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Westport Insurance Corp. v. City of Waukegan

United States District Court, N.D. Illinois, Eastern Division

September 13, 2017




         Plaintiff Westport Insurance Corporation (“Westport”) brought this action against Defendants, the City of Waukegan, Lucian Tessman, Donald Meadie, Fernando Shipley, Howard Pratt, Richard Davis, Phillip Stevenson, Terry House, Robert Repp, Burton Setterlund (collectively, the “Waukegan Defendants” or “Waukegan”), and Juan A. Rivera, Jr. (“Rivera”), seeking a declaratory judgment that it has no obligation to provide coverage under two insurance policies issued to the City of Waukegan. The case is before the Court on cross-motions for summary judgment. For the following reasons, the Court grants Westport's motion and denies Waukegan's.


         The Court has already described the factual background in its earlier opinion in this case. (See ECF No. 123 (“reconsideration ruling”) reported at Westport Ins. Corp. v. City of Waukegan, 157 F.Supp.3d 769 (N.D. Ill. 2016); see also ECF Nos. 83 and 84 (“trigger ruling”) reported at Westport Ins. Corp. v. City of Waukegan, 75 F.Supp.3d 821 (N.D. Ill. 2014).) Judge Darrah, the judge to whom this case was previously assigned, ruled in 2014 that Rivera's lawsuit against Waukegan-in particular, his claim that Waukegan violated his Fifth Amendment self-incrimination rights pursuant to 42 U.S.C. § 1983 by using a coerced confession against him at his second trial in 1998-triggered Westport's duty to defend stemming from the 1998 policy Westport issued to Waukegan.

         After this case was reassigned to the undersigned judge, Westport moved to reconsider Judge Darrah's trigger ruling in light of a subsequent case of the Illinois Appellate Court, Indian Harbor Insurance Co. v. City of Waukegan, 33 N.E.3d 613 (Ill.App.Ct. 2015). On reconsideration, this Court reaffirmed Judge Darrah's trigger ruling, concluding that recent Illinois cases such as Indian Harbor addressing trigger of coverage in the context of malicious prosecution claims or prosecutorial due process claims under Brady v. Maryland, 373 U.S. 83 (1963), do not necessarily control this case. The Court reasoned that the “essence” of a § 1983 claim for violation of Fifth Amendment self-incrimination rights, or the conduct that essentially causes the “injury, ” in the language of the policy, is courtroom use of the coerced confession, which occurs at a different time from the essential tortious acts underlying malicious prosecution or Brady claims, and therefore triggers insurance coverage at a different time. See Westport, 157 F.Supp.3d at 775-76 (citing Muller Fuel Oil Co. v. Ins. Co. of N. Am., 232 A.2d 168 (N.J.Super.Ct.App.Div. 1967)); see also Indian Harbor, 33 N.E.3d at 622 (“Indeed, the policies do not require that all of Rivera's claims arise from a single occurrence and must have the same trigger date as his malicious-prosecution claim.”).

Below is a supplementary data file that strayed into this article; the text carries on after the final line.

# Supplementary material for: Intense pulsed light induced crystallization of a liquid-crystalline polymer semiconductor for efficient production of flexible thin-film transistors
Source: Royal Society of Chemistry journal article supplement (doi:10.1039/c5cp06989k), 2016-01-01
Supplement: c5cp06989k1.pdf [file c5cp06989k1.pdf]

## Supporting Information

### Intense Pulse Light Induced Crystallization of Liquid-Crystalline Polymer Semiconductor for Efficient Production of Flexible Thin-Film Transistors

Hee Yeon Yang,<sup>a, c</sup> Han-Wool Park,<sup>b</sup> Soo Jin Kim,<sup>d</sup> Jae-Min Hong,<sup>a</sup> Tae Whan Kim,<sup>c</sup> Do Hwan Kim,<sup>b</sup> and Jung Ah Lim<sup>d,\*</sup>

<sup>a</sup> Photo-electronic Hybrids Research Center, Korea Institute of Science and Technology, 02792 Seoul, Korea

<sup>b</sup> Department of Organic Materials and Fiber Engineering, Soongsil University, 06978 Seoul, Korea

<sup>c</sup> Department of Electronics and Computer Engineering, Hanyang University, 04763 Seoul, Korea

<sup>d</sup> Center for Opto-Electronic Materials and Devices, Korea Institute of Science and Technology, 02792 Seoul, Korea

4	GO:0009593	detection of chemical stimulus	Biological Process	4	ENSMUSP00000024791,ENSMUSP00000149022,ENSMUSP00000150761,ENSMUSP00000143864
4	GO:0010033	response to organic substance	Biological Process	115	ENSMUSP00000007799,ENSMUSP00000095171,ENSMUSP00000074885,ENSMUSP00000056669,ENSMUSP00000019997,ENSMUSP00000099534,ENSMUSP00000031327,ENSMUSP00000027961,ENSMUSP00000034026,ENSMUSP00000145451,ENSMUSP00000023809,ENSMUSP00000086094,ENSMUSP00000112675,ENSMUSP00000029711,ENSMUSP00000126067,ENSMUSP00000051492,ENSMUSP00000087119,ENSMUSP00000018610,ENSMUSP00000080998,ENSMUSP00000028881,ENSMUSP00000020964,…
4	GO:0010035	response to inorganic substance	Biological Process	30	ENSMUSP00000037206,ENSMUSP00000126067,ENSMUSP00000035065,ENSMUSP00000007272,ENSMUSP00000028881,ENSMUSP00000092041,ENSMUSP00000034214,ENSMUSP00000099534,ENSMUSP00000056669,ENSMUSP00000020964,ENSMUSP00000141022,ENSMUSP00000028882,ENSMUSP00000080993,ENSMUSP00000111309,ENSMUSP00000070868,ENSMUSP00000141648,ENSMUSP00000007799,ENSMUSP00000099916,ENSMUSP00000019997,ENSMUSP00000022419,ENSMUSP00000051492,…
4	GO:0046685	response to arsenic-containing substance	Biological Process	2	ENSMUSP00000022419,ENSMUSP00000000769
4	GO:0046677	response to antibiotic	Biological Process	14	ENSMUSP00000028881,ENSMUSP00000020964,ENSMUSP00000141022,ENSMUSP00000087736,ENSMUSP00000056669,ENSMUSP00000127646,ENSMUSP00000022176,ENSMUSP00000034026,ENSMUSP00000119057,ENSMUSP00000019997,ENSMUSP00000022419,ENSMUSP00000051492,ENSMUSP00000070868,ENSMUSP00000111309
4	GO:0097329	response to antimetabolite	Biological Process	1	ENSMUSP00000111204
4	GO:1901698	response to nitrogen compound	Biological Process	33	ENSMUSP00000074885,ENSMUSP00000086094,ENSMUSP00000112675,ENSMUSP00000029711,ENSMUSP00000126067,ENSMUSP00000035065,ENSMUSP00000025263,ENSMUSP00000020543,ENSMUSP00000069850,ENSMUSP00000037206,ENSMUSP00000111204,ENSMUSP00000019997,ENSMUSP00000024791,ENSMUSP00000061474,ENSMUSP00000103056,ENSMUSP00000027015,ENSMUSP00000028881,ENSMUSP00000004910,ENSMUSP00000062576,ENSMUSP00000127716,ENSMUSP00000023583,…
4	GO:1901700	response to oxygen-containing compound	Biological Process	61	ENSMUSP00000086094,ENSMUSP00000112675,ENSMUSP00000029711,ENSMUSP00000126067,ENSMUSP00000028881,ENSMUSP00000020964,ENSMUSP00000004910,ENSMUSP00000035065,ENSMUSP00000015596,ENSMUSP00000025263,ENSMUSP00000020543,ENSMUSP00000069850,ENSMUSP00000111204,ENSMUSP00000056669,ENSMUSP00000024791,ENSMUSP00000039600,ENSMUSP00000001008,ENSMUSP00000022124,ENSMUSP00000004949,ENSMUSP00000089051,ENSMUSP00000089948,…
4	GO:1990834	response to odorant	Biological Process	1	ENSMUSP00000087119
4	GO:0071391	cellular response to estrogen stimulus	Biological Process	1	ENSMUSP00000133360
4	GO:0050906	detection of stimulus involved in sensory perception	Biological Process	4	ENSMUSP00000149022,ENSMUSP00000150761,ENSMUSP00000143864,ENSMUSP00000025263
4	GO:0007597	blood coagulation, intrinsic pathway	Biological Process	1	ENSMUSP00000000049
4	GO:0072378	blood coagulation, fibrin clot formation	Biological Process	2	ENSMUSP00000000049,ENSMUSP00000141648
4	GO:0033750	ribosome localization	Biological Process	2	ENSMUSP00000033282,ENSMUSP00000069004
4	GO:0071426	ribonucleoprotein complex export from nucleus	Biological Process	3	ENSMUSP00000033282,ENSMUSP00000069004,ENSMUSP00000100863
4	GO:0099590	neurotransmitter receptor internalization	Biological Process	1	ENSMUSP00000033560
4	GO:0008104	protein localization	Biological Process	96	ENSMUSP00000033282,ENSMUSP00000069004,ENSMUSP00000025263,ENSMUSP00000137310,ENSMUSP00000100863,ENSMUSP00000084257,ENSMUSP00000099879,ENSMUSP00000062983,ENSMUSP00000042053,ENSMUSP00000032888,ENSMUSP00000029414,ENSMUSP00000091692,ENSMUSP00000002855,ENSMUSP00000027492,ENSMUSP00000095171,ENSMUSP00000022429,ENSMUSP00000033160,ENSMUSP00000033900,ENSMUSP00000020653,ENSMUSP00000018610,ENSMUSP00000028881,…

The parties have now filed cross-motions for summary judgment. Waukegan seeks (a) a declaration that Westport owes Waukegan a duty to pay defense costs arising out of, and indemnify for amounts paid to settle, Rivera's lawsuit against Waukegan, as well as (b) a declaration that Westport has breached its duty to defend. Westport seeks a declaration that (a) even though this Court has ruled that Westport had a duty to defend Waukegan, Westport owes no defense costs because Waukegan's defense costs do not exceed the self-insured retentions prescribed by the policy, and (b) Westport owes no indemnity because the 1998 retrial was not the primary focus of Rivera's lawsuit.

         After full briefing on the motions, Westport alerted this Court to a new Illinois Appellate Court decision that Westport argues is controlling. St. Paul Fire & Marine Insurance Co. v. City of Waukegan, 2017 IL App (2d) 160381, ¶¶ 44-48, is another case, like this one and Indian Harbor, concerning the proper trigger of coverage for Rivera's lawsuit against Waukegan. In St. Paul, the Illinois Appellate Court considered whether Rivera's Fifth Amendment self-incrimination claim triggered Waukegan's insurance coverage in 2009, during his third trial. The court cited Judge Darrah's trigger ruling and this Court's reconsideration ruling, but it disagreed with them because it did not recognize any distinction between a Fifth Amendment self-incrimination claim and a malicious prosecution or Brady claim for purposes of triggering insurance coverage; for all such claims, according to the Illinois Appellate Court, it was “the misconduct that led to [Rivera's] conviction” in 1992 that triggered insurance coverage. Id. at ¶ 47. In its most recent filing, Westport argues that based on this new authority, this Court must abandon Judge Darrah's reasoning and the reasoning this Court employed in its reconsideration ruling, and instead apply the Illinois Appellate Court's decision in St. Paul, which would require this Court to hold that Westport owes no duty to defend or indemnify Waukegan for Rivera's lawsuit.